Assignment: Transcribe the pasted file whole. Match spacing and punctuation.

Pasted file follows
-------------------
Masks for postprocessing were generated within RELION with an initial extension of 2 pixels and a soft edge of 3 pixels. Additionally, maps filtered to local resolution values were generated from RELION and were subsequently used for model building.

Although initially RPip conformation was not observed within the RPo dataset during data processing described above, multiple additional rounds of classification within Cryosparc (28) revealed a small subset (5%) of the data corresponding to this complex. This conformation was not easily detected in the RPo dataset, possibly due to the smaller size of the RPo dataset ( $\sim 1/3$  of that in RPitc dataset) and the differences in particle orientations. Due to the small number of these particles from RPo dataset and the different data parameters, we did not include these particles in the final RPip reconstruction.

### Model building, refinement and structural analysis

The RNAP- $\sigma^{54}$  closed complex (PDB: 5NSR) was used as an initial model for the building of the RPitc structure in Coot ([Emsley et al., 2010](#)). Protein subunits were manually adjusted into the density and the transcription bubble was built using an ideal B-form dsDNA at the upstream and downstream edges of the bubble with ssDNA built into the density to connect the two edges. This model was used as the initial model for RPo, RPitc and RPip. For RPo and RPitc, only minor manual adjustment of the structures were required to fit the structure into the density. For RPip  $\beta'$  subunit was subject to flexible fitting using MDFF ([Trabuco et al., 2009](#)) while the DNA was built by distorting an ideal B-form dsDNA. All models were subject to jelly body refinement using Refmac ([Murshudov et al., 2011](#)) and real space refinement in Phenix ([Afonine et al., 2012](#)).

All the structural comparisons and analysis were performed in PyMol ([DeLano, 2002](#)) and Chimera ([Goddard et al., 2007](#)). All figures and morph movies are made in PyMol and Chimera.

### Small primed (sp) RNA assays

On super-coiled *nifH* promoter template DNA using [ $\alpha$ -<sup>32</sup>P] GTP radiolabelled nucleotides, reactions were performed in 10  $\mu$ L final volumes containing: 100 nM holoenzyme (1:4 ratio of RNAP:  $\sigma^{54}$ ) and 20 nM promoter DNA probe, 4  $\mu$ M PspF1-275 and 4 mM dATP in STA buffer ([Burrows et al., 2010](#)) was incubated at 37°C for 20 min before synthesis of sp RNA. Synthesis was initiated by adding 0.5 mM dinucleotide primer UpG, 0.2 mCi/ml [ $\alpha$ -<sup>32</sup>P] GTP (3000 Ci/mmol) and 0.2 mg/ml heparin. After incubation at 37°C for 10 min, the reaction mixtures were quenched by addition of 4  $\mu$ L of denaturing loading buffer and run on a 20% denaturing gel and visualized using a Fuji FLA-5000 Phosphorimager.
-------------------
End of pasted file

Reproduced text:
Masks for postprocessing were generated within RELION with an initial extension of 2 pixels and a soft edge of 3 pixels. Additionally, maps filtered to local resolution values were generated from RELION and were subsequently used for model building.

Although initially RPip conformation was not observed within the RPo dataset during data processing described above, multiple additional rounds of classification within Cryosparc (28) revealed a small subset (5%) of the data corresponding to this complex. This conformation was not easily detected in the RPo dataset, possibly due to the smaller size of the RPo dataset ( $\sim 1/3$  of that in RPitc dataset) and the differences in particle orientations. Due to the small number of these particles from RPo dataset and the different data parameters, we did not include these particles in the final RPip reconstruction.

### Model building, refinement and structural analysis

The RNAP- $\sigma^{54}$  closed complex (PDB: 5NSR) was used as an initial model for the building of the RPitc structure in Coot ([Emsley et al., 2010](#)). Protein subunits were manually adjusted into the density and the transcription bubble was built using an ideal B-form dsDNA at the upstream and downstream edges of the bubble with ssDNA built into the density to connect the two edges. This model was used as the initial model for RPo, RPitc and RPip. For RPo and RPitc, only minor manual adjustment of the structures were required to fit the structure into the density. For RPip  $\beta'$  subunit was subject to flexible fitting using MDFF ([Trabuco et al., 2009](#)) while the DNA was built by distorting an ideal B-form dsDNA. All models were subject to jelly body refinement using Refmac ([Murshudov et al., 2011](#)) and real space refinement in Phenix ([Afonine et al., 2012](#)).

All the structural comparisons and analysis were performed in PyMol ([DeLano, 2002](#)) and Chimera ([Goddard et al., 2007](#)). All figures and morph movies are made in PyMol and Chimera.

### Small primed (sp) RNA assays

On super-coiled *nifH* promoter template DNA using [ $\alpha$ -<sup>32</sup>P] GTP radiolabelled nucleotides, reactions were performed in 10  $\mu$ L final volumes containing: 100 nM holoenzyme (1:4 ratio of RNAP:  $\sigma^{54}$ ) and 20 nM promoter DNA probe, 4  $\mu$ M PspF1-275 and 4 mM dATP in STA buffer ([Burrows et al., 2010](#)) was incubated at 37°C for 20 min before synthesis of sp RNA. Synthesis was initiated by adding 0.5 mM dinucleotide primer UpG, 0.2 mCi/ml [ $\alpha$ -<sup>32</sup>P] GTP (3000 Ci/mmol) and 0.2 mg/ml heparin. After incubation at 37°C for 10 min, the reaction mixtures were quenched by addition of 4  $\mu$ L of denaturing loading buffer and run on a 20% denaturing gel and visualized using a Fuji FLA-5000 Phosphorimager.